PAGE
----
Does love mean never holding back?

Anne-Laure Gannac asks whether, in a relationship, it’s always good to talk – or if some things are best left unsaid


Does love mean never holding back?

Do we have to tell each other everything? How do we decide between the good and the bad things to say, between respectful silence and the kind that leads to misunderstandings and confusion?

‘The idea that we can reveal everything about ourselves to one another is an illusion, since we can’t ever really know everything about ourselves,’ says psychotherapist Sylvie Tenenbaum.

But rather than talking about the day’s events, it’s important to talk about feelings. ‘When we say how we feel, it allows others to understand us better.’

Truth doesn’t mean we have to reveal everything we’ve done or thought. ‘It does mean being honest, and having the courage to get to the bottom of our disagreements so that misunderstandings aren’t allowed to ruin the bond between two people,’ says Tenenbaum.

Define your terms

When we begin a new relationship, should we hide details of previous ones? No, says psychoanalyst Jacques-Antoine Malarewicz. It makes sense to talk about the past to inspire confidence and trust in one another. Talking about past relationships is a way of saying, ‘You are better than anything I have known before, even if what I’ve had before makes me the way I am now.’ At the same time, it’s important not to give too many details about your past sex life, because jealousy can quickly take hold. We need to be as authentic as possible, tell the truth about who we are deep down and about how we want to live. ‘The risk is that we end up lying to protect the image that the other person is projecting onto us,’ says Tenenbaum. The start of a relationship is also the right time to talk about the things that make us happy and the things we have missed until now. ‘A man who had a mother who criticised him a lot may well be vulnerable,’ says Tenenbaum. ‘If his partner knows that history, she can accept what he’s like, because she understands the background.’

Infidelity: when to talk, when to keep quiet

‘Confessing to an affair is a good thing when cheating on someone is a symptom of anxiety or unhappiness that does not question a couple’s future together,’ says Malarewicz. ‘It allows them to confront the crisis and to overcome it. But, as some people are very jealous and impulsive, it’s better to hide certain things, because they may, without giving it enough thought, throw a relationship away.’ Some people misbehave for the pleasure of confessing all to their partner. ‘If you’re tempted to talk about it,’ says psychoanalyst Yves Prigent, ‘before you confess to your other half, talk to a trusted friend to make sure you really understand the reason for the disclosure.’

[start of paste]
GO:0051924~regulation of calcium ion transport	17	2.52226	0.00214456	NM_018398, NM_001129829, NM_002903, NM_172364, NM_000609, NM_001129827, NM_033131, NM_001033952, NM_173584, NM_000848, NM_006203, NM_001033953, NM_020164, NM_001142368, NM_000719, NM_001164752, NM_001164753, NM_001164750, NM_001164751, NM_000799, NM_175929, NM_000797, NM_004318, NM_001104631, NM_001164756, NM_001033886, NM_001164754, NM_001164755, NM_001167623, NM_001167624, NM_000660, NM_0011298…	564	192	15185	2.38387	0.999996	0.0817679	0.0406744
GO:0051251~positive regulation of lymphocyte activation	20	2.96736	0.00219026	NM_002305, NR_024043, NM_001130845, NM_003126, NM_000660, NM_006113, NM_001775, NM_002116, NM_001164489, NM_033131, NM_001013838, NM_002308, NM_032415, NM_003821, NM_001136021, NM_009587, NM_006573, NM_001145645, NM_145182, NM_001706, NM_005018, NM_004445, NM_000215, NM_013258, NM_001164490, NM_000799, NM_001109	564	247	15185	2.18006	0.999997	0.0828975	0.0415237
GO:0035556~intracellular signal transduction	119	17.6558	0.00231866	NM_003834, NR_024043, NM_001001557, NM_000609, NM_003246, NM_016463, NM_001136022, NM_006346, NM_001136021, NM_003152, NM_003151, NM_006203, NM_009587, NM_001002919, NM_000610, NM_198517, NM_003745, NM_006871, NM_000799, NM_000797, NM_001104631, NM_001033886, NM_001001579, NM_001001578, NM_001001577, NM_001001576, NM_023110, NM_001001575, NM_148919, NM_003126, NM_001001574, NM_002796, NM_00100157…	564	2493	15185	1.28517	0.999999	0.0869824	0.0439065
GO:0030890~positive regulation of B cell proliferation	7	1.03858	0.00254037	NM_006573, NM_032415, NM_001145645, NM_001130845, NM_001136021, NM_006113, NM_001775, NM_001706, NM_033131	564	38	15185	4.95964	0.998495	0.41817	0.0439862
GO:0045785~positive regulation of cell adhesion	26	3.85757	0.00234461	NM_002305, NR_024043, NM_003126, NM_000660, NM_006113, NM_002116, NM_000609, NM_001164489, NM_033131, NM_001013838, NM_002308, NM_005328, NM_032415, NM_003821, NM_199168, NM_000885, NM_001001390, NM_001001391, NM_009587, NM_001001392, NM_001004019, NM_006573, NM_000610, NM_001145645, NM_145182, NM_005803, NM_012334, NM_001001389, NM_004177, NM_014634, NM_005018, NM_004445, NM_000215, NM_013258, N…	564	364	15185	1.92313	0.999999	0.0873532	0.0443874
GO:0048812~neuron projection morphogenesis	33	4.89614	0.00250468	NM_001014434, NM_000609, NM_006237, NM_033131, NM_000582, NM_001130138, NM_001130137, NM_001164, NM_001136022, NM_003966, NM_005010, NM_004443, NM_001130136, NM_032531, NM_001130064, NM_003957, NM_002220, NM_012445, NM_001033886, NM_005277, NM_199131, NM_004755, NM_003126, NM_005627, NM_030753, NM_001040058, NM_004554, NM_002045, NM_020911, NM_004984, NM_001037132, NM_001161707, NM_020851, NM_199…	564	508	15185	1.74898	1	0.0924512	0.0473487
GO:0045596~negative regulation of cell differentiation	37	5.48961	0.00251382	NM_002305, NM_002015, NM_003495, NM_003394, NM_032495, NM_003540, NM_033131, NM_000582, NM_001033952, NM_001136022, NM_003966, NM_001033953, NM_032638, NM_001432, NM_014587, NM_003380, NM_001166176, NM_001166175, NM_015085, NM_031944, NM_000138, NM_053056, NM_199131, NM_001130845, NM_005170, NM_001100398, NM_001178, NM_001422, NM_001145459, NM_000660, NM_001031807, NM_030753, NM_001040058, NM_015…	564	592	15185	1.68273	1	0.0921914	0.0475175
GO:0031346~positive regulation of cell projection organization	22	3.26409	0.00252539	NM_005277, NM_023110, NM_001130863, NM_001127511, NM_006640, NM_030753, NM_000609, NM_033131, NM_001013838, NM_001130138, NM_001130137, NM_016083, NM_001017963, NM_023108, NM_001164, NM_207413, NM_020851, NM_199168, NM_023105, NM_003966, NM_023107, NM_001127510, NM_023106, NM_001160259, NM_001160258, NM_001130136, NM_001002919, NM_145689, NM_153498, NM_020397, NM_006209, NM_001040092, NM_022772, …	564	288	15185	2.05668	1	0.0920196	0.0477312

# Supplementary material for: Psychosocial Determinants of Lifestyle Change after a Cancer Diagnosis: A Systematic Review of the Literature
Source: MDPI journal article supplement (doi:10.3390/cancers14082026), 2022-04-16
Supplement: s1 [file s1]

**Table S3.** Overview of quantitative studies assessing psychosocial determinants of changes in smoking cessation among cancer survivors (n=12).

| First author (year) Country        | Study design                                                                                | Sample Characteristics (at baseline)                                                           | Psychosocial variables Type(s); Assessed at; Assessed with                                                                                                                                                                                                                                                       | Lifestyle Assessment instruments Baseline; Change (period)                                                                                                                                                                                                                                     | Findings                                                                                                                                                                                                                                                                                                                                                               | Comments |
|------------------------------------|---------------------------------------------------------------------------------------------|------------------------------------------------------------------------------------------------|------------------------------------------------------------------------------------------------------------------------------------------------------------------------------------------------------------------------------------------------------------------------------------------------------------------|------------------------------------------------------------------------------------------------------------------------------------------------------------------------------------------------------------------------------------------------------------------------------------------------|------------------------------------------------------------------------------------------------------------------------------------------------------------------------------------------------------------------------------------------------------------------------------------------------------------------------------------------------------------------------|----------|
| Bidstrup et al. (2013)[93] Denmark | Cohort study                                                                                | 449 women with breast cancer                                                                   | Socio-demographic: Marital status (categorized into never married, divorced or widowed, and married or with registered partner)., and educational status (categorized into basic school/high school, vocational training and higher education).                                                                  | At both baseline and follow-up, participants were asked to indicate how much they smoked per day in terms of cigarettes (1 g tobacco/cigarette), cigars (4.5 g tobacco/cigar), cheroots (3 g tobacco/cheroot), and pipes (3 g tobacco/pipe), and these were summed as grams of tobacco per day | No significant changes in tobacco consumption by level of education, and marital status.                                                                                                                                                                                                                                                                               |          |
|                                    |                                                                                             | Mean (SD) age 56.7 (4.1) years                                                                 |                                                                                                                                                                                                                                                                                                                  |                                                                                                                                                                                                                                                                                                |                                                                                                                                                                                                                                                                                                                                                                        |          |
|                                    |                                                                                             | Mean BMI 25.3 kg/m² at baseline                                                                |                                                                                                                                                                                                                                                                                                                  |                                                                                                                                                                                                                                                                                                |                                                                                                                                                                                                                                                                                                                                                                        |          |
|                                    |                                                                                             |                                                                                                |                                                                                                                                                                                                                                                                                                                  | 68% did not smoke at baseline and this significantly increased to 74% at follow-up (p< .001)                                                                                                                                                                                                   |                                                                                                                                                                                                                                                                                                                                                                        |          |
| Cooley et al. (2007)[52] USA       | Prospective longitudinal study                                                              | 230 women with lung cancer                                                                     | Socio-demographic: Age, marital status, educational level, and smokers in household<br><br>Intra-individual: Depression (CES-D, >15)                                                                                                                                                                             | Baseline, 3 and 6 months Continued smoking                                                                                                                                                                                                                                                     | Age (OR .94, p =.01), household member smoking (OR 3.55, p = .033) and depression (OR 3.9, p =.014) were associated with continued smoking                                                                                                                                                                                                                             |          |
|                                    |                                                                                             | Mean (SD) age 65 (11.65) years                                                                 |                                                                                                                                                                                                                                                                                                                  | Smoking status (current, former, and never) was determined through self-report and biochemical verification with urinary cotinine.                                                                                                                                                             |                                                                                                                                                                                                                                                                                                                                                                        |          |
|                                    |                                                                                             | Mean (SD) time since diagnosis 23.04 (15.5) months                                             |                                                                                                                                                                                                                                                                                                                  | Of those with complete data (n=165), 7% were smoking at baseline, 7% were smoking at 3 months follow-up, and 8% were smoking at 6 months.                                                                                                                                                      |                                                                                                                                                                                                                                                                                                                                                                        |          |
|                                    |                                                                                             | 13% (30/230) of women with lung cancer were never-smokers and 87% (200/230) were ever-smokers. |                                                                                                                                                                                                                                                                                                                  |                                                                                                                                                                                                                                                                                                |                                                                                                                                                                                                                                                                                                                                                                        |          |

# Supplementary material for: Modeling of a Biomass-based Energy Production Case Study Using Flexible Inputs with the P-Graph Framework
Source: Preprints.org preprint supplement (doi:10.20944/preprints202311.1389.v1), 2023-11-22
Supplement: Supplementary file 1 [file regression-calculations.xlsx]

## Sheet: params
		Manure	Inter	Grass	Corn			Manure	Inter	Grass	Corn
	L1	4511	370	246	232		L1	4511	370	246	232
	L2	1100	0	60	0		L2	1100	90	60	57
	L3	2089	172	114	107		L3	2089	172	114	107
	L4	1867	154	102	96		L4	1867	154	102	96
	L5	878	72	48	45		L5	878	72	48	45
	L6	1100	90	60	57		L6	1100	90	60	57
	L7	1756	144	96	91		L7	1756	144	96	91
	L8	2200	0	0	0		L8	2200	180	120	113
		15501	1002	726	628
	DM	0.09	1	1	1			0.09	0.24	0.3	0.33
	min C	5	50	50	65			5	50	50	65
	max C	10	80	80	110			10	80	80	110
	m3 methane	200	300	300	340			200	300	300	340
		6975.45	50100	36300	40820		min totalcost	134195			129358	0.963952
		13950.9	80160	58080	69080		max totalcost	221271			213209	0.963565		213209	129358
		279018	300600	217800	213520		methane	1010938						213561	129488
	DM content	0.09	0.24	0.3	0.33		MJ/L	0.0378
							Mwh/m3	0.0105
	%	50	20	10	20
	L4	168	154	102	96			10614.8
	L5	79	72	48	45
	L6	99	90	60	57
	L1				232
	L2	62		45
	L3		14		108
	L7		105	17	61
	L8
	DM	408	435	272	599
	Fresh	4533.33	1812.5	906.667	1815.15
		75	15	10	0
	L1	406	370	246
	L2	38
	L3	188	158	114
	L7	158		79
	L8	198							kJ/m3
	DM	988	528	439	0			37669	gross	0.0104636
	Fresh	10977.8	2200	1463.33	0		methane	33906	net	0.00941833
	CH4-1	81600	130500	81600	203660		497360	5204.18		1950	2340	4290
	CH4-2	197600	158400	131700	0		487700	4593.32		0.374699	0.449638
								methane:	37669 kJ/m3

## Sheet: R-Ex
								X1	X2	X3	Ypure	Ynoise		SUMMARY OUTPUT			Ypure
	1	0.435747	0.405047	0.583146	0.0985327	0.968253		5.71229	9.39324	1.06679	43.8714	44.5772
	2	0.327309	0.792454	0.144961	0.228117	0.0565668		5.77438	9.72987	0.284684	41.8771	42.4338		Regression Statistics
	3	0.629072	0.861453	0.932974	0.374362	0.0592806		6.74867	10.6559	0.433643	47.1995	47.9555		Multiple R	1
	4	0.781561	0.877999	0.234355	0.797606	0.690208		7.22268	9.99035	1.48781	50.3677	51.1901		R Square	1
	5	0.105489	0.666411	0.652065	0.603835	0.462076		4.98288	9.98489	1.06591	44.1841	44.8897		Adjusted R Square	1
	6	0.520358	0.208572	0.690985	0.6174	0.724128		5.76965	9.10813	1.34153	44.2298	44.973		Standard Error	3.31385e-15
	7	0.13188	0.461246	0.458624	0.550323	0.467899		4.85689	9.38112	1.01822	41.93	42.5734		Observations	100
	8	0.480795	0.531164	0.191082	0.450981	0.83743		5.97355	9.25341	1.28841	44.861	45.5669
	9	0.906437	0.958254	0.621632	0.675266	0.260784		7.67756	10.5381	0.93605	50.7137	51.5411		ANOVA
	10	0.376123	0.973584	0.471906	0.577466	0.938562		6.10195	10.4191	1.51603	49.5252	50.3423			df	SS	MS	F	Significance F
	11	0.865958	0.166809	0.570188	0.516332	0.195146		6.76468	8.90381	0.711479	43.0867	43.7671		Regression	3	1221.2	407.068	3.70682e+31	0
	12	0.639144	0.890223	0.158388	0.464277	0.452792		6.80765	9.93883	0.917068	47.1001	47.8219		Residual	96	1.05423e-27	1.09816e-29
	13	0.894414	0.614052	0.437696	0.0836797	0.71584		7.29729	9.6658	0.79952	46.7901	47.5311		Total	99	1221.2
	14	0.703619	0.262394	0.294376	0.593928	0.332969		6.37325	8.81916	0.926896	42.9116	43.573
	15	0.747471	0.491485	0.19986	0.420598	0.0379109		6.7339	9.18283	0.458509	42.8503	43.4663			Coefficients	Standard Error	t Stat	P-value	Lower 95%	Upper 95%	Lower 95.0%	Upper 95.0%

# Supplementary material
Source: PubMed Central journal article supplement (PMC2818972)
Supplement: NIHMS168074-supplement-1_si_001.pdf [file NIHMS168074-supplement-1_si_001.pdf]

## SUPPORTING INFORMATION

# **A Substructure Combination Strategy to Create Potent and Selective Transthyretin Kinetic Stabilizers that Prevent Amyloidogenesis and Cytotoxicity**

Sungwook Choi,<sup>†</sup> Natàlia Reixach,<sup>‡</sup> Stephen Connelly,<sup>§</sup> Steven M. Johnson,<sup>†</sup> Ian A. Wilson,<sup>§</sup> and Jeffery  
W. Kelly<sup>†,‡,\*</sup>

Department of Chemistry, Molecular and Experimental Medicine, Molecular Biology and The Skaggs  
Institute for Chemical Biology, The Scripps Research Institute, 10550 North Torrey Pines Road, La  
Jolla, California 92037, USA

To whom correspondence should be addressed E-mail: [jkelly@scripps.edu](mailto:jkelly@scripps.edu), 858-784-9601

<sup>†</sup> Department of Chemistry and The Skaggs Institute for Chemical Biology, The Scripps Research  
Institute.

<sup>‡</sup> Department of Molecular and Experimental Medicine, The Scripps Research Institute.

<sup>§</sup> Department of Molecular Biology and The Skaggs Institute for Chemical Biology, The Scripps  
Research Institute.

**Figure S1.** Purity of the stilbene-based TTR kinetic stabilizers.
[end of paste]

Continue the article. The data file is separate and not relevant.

Zoe, 27, for example, found that over-sharing damaged her relationship. ‘At the beginning, my partner and I talked about our past liaisons. It was a game. I trusted him, so I told him that I was seeing two men at the same time for a couple of months and sometimes I would leave one and jump in a taxi to see the other, without either of them knowing. I didn’t love them and it was fun to go from one of them to the other one. ‘This episode had no impact on my life, but my partner was really bothered by it. He goes back over it with me frequently, and it’s affected him because he thinks that he alone will never be able to give me as much pleasure. It’s not true, but it’s impossible to make him believe it. I really regret telling him this story – it makes him worry and it has cast a huge shadow over our relationship.’

Avoid subjects that make one another angry

‘Never criticise one another’s families or friends,’ says Tenenbaum. Whatever your partner may say about their loved ones, it doesn’t mean that you can say the same things. It’s also important not to force someone into a mould that we have created – for example saying, ‘You’re always doing that…’. Nothing will change if they feel labelled. Some silences are intended to cause anxiety, for example disappearing for three hours and then saying you only popped out for the paper. ‘There’s a gap in communication,’ says Prigent, ‘which is manipulative. The only purpose of these silences is to get a reaction.’

Pick the right moment

‘Sorting out your rows by using other people is a disaster,’ says Malarewicz. ‘Trying to sort out problems in public risks humiliating the other person. How can we expect them to be open to what we’re saying?’ Equally dangerous are the conversations we have in the car on the way home after a night out. These can quickly lead to accusations. For a conversation to be constructive, it’s better to choose a quiet moment.